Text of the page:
BIS: Certainly. It all starts when an officer intercepts what they suspect to be a counterfeit and or pirated good. The first thing an officer will do is temporarily detain the shipment so it cannot be released. Next, the officer will determine whether or not the goods present a health, safety or security concern as these types of entries are referred to the Royal Canadian Mounted Police or Health Canada for processing. 

If the shipment in question does not have a related health, safety, or security concern, then the officer will verify whether or not the rights holder has filed a request for assistance with the Canada Border Services Agency. If there is no request for assistance filed, the officer may reach out to the rightsholder to advise them that the suspected shipment has been intercepted, if it is operationally feasible for them to do so. Otherwise, they would simply release the goods as long as all other import requirements have been met. This is yet another reason why I highly recommend that rightsholders file a request for assistance. 

If there is a request for assistance on file, the Canada Border Services Agency will contact the rightsholder or their representative to advise them about the intercepted shipment and to find out if they will be taking steps to enforce their IP rights. If the rights holder declines to take any action, the goods are released as long as all other import requirements have been met. 

But if they decide to take action, then the shipment is formally detained. The goods will continue to be detained from this point on until such time as the Canada Border Services Agency receives notification from a court, is provided documentation of an out of court settlement, or is advised by the rightsholder that the goods no longer be detained. 

LD: OK, but let's say I as a private person buy something from a website outside Canada and the company ships a product to me. And then I realize that this brand of the product is infringing… Who's infringing then? 

BIS: Well, as per the Trademarks Act and Copyright Act, personal imports are actually excluded from the IP policy. As such, they are out of scope for the Canada Border Services Agency's IPR program. 

LD: Let's not talk about some of the outcomes of the program. Since the start of the program, almost half of suspected shipments have resulted in what we call out of court settlements. Could you give some examples of how many of these counterfeit instances are solved in real life? 

BIS: Certainly. Since the I PR program was implemented in 2015, the Canada Border Services Agency has intercepted a total of 620 shipments and of these 58 rightsholders did not have a request for assistance on file. As a result, these entries were released because they met all other importing requirements. In addition to that, 59 rightsholders declined to pursue any kind of remedy, so those shipments were also released if they met the importing requirement. 

This means that there were 474 rightsholders willing to pursue remedy and all decided cases to date have been in favor of the rights holder. Moreover, 64% of these were settled out of court within a few days, and in all cases where some type of remedy was pursued, the goods in question never entered the Canadian marketplace as they were destroyed by the Canada Border Services Agency.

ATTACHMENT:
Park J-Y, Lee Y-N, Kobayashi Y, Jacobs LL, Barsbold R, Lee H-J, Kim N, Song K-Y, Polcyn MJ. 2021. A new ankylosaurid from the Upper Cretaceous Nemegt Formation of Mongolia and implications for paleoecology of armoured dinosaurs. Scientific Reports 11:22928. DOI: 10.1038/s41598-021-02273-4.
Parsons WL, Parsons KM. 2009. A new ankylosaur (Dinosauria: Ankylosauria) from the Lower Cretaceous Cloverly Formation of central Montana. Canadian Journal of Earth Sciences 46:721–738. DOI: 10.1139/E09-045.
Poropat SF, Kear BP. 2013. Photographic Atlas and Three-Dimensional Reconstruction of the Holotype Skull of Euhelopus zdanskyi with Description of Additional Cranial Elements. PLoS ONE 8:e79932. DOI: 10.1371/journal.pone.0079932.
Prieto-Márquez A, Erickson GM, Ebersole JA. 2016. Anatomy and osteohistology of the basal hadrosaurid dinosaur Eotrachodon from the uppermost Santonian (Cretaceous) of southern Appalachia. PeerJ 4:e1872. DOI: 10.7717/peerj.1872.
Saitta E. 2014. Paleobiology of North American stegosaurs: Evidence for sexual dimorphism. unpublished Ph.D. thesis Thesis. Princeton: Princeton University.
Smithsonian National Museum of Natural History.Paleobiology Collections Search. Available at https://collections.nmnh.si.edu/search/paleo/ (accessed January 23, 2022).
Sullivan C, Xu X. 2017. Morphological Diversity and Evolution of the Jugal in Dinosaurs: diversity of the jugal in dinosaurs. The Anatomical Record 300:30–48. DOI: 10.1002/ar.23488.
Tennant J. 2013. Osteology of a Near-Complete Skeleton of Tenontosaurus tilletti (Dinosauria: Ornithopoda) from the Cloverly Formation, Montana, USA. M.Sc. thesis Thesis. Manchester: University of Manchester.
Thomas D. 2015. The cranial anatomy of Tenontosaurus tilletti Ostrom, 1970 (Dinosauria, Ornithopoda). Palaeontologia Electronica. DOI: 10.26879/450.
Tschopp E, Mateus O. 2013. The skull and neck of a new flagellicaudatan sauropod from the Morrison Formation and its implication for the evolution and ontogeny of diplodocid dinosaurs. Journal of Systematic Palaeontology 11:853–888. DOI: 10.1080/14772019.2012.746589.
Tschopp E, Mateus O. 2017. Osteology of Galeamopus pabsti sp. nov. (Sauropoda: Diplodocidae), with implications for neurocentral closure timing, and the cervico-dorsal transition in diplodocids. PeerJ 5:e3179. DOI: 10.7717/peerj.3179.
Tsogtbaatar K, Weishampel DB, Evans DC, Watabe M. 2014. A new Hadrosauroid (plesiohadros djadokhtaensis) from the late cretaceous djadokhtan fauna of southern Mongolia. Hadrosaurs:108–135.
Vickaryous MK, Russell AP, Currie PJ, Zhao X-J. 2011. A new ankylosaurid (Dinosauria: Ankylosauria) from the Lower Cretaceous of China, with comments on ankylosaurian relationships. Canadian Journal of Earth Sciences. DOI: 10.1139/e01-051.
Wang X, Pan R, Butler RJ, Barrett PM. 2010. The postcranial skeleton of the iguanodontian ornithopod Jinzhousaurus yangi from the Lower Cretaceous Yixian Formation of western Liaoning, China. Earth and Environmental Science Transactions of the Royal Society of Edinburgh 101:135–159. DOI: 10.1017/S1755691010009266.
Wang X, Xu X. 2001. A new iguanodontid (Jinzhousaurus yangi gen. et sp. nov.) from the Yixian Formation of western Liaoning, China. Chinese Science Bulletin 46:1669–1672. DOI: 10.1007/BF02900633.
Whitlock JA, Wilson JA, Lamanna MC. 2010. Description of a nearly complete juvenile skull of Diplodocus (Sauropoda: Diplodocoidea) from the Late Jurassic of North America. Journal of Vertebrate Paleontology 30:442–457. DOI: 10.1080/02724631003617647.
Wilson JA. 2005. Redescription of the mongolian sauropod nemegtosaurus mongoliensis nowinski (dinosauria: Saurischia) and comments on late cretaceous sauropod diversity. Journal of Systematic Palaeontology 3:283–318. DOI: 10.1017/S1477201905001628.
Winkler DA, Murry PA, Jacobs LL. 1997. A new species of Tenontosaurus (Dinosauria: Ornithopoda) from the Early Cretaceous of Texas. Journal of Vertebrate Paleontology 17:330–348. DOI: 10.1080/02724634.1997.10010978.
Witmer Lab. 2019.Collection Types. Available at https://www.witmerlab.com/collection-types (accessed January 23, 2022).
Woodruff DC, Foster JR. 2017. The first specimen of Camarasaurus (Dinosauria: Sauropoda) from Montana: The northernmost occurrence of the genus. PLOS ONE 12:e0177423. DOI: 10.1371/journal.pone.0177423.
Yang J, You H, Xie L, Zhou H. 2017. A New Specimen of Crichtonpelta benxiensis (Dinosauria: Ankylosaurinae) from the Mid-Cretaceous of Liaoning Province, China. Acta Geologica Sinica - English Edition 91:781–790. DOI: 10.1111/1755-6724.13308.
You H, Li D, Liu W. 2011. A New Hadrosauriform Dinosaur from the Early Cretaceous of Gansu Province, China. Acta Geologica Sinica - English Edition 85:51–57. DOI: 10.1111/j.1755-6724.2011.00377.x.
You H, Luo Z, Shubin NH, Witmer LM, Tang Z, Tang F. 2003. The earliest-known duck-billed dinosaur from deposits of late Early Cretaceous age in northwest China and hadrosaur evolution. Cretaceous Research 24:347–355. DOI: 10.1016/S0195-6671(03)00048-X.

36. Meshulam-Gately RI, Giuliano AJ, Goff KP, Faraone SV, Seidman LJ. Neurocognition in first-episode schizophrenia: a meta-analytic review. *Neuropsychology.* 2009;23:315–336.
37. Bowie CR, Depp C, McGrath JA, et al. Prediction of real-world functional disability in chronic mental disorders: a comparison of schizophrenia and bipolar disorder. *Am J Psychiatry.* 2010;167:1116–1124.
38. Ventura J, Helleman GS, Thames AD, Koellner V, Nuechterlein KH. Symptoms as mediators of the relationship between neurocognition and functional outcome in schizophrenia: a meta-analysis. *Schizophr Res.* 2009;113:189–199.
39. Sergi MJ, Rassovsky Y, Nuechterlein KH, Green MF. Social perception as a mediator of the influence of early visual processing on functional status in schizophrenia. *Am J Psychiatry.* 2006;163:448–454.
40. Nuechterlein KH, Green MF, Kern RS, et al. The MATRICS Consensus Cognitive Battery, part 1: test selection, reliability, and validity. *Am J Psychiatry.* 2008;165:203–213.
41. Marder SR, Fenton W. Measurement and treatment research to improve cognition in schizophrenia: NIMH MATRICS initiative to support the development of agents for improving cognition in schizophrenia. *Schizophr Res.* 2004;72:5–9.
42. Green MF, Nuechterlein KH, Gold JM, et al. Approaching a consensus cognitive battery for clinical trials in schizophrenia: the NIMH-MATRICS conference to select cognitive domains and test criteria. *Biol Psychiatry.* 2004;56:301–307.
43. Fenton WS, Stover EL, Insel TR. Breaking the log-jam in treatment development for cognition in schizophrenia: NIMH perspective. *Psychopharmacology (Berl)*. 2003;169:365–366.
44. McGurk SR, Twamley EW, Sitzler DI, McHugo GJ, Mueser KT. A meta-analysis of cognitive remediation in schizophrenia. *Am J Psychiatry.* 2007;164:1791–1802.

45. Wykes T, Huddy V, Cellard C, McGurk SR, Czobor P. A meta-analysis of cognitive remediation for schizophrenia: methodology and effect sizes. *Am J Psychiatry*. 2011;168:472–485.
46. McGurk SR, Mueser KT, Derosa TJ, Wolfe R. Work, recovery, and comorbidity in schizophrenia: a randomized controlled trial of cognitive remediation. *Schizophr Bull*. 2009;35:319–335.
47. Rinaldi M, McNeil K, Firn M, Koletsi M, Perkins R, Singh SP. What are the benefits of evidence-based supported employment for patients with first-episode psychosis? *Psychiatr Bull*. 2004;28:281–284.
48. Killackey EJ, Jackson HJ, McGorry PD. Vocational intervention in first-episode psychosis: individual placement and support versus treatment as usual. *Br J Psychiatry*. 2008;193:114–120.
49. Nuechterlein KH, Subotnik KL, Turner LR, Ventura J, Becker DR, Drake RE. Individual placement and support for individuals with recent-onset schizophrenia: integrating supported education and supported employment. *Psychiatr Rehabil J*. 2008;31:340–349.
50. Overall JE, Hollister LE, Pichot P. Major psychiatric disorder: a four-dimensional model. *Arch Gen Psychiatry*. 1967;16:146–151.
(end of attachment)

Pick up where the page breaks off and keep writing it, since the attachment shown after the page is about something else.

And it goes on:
I'd like to share a few myths, actually, with regard to the IPR program:

Myth number one: it isn't important whether or not rightsholders pursue remedy. This statement is false. A rightsholders willingness to enforce their IP rights is a signal to officers that this work is important and required. It also sends a message to the bad actors that are out there that you will not condone their activity. 

Myth number 2: The quantity of goods that have been intercepted isn't worth the time and effort to go through the process. Again, this is false because some bad actors will only bring in small quantities, but will have numerous importations in a month. When rightsholders take action each time, regardless of the quantity, officers within the region gather that intelligence and that will guide them in identifying future shipments. 

Myth #3: it is too expensive to enforce my IP rights. This is a misconception too, as the majority of IP our cases are settled out of court and any associated costs are normally included in the settlement and payable by the importer.

I'd like to end this podcast with a call to action for rights holders who have not yet filed a request for assistance with the Canada Border Services Agency to do so as soon as possible to ensure that the next shipment containing suspected, counterfeit and or pirated goods is detained, and then you can protect your IP rights. 

LD: Thank you Becky and thanks for explaining some of that amazing outcome of the programs and how easy it is to register and proceed with this program. Thank you so much for taking your time to explain that to us.

BIS: My pleasure. 

LD: You've listened to Canadian IP voices where we explore intellectual property. In this episode you met with Becky Illson-Skinner, who works as a senior program advisor at the Canada Border Services Agency. Becky explained the work that the Canada Border Services Agency does to stop counterfeit products at the border. If you suspect that there are illegal copies of your trademark, geographic indication or copyright coming into Canada, and you wish to file a request for assistance, visit www.canada.ca/combat-counterfeits